Gibraltar, the Egalitarian Shared Sovereignty, the financial system, government and law
Last time, we introduced the EGALITARIAN SHARED SOVEREIGNTY. Today, we present some key elements related to Gibraltar.
Post 35: Territorial disputes: Gibraltar (Part 5)
From our previous posts, we have learnt so far that some of the main concerns related to Gibraltar are:
Autarchy and financial system
Finance in the context of a sovereign conflict means the monetary policy, market system, taxation system and way of dealing with debts (internal or international) of a given State.
Autarchy is the economic independence a State (in this case, a non-sovereign party, Gibraltar) must have in relation to other States; the ability a State has to balance its gains and losses without external aid.
The fact that a population is not able to meet its needs and has to appeal to its peers to achieve a certain balance in its account may militate against its sovereignty. It is not that autarchy is a necessary condition for a State to be sovereign. However, it is as a desirable feature in order to avoid any possible interference in internal affairs.
In the particular case of sovereignty disputes, as in any conflict in which there are two sovereign States, it is more than possible that they do not have the same strengths in terms of their financial system. Gibraltar as a TERRITORIAL DISPUTE offers a clear example.
It is often the case sovereign States borrow large amounts of money. Even central States do so for very different reasons (e.g. to cover overdrafts in their expenses, to stimulate international trade, to soften bilateral relations). Therefore, the result is usually an unbalanced relationship that may result in different relative positions in any bargaining situation.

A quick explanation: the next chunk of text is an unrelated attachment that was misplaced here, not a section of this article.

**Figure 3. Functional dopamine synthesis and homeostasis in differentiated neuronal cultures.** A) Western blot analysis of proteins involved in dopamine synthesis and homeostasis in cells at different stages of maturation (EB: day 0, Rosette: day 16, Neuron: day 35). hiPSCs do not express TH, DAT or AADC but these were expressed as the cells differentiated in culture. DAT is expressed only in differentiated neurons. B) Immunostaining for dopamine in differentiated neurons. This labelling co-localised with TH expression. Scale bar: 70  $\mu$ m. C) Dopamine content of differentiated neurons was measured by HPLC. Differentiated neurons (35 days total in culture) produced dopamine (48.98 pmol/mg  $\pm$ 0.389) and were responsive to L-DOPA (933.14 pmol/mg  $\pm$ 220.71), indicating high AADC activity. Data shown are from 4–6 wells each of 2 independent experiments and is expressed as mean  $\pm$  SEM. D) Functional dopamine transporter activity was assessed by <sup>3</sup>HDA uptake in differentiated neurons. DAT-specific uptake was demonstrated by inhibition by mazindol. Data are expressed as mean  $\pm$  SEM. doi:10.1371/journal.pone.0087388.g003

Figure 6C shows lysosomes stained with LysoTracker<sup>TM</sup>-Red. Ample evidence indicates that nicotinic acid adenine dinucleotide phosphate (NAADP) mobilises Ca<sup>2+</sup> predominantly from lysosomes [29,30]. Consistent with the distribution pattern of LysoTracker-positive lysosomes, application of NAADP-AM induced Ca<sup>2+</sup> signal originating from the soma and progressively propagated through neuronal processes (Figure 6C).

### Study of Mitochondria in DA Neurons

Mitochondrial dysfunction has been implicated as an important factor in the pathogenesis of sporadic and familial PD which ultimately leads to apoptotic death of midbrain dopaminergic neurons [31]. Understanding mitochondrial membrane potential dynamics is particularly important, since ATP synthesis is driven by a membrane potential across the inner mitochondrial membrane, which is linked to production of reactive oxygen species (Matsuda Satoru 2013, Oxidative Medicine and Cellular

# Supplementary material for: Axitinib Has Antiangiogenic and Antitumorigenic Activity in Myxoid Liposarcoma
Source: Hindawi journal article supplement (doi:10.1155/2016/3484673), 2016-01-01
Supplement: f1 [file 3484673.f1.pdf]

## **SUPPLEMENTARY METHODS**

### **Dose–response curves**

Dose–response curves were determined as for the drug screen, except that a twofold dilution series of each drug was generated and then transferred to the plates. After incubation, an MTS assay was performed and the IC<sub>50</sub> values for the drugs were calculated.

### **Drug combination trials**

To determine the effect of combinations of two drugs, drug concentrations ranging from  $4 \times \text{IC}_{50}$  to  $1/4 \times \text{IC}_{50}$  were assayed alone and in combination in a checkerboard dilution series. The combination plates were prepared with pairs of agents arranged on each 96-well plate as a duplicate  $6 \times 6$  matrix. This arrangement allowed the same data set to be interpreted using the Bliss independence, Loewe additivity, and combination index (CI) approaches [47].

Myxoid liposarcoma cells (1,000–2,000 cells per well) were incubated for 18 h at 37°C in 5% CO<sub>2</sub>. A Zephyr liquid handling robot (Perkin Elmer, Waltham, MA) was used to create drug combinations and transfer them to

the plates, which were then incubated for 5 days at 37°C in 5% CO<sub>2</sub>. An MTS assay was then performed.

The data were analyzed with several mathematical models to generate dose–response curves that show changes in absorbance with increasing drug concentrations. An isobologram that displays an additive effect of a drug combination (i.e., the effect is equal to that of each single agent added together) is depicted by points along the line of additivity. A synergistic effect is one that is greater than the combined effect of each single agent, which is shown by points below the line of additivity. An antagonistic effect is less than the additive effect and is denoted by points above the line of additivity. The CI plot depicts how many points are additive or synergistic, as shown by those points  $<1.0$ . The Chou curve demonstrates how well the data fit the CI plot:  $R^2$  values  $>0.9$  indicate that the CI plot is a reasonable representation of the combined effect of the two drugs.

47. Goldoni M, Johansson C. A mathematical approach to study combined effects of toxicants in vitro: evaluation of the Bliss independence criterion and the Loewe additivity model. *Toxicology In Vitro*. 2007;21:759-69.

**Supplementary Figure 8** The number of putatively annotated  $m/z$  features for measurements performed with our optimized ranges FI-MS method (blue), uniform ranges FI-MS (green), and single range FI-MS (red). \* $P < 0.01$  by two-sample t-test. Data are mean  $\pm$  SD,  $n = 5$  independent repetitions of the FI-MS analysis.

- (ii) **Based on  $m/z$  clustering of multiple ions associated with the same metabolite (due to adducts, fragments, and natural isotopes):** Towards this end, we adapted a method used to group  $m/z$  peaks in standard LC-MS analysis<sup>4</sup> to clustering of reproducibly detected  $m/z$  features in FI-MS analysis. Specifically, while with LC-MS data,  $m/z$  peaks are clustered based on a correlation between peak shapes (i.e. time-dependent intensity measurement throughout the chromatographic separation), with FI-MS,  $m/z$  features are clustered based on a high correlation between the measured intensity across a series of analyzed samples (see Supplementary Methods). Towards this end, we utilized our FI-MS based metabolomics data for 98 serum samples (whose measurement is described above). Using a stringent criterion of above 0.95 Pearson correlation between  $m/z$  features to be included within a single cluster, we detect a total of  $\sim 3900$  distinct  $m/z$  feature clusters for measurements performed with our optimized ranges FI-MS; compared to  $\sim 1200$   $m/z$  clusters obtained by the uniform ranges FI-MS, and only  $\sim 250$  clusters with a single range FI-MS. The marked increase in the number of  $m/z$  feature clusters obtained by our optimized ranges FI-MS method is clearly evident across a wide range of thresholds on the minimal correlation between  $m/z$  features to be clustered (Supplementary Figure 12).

In the particular case of Gibraltar, it is easy to identify three parties with different levels of welfare. Although all of them have been affected by the recent worldwide financial crisis, the Spanish economy has evidently deteriorated.
With Brexit, the United Kingdom’s future situation remains unknown. The financial system is a feature that implies much controversy, and so it will be analyzed through the proposed model.
Therein, what financial system should Gibraltar have?
Government and law
The globe offers a wide spectrum of examples in which although the form of government differs, in all cases they are still States. There is no controversial feature at this point.
In the particular context of this TERRITORIAL DISPUTE (Gibraltar), this sub-element does not offer controversy either. However, other sub-elements part of any government may not be so straightforward.
If sovereignty is not shared, then it is clear who elects representatives and chooses them (the inhabitants if the territory is independent or the inhabitants as part of a sovereign State).
What happens when sovereignty is shared? Then, there are two different issues:
a) representatives and administration; and
It follows from this that the two most challenging practical issues raised by shared sovereignty in relation to government seem to be:
- What sort of governmental arrangements shared sovereignty requires?; and
- How governmental authority can be shared and yet be workable?
NOTE: This post is based on Jorge Emilio Núñez, “Territorial Disputes and State Sovereignty: International Law and Politics,” London and New York: Routledge, Taylor and Francis Group, 2020 (forthcoming)
Previous published research monograph about territorial disputes and sovereignty by the author, Jorge Emilio Núñez, “Sovereignty Conflicts and International Law and Politics: A Distributive Justice Issue,” London and New York: Routledge, Taylor and Francis Group, 2017.
NEXT POST: we combine both (the EGALITARIAN SHARED SOVEREIGNTY and the elements mentioned above) to offer a potential ideal solution
Monday 25th November 2019
Dr Jorge Emilio Núñez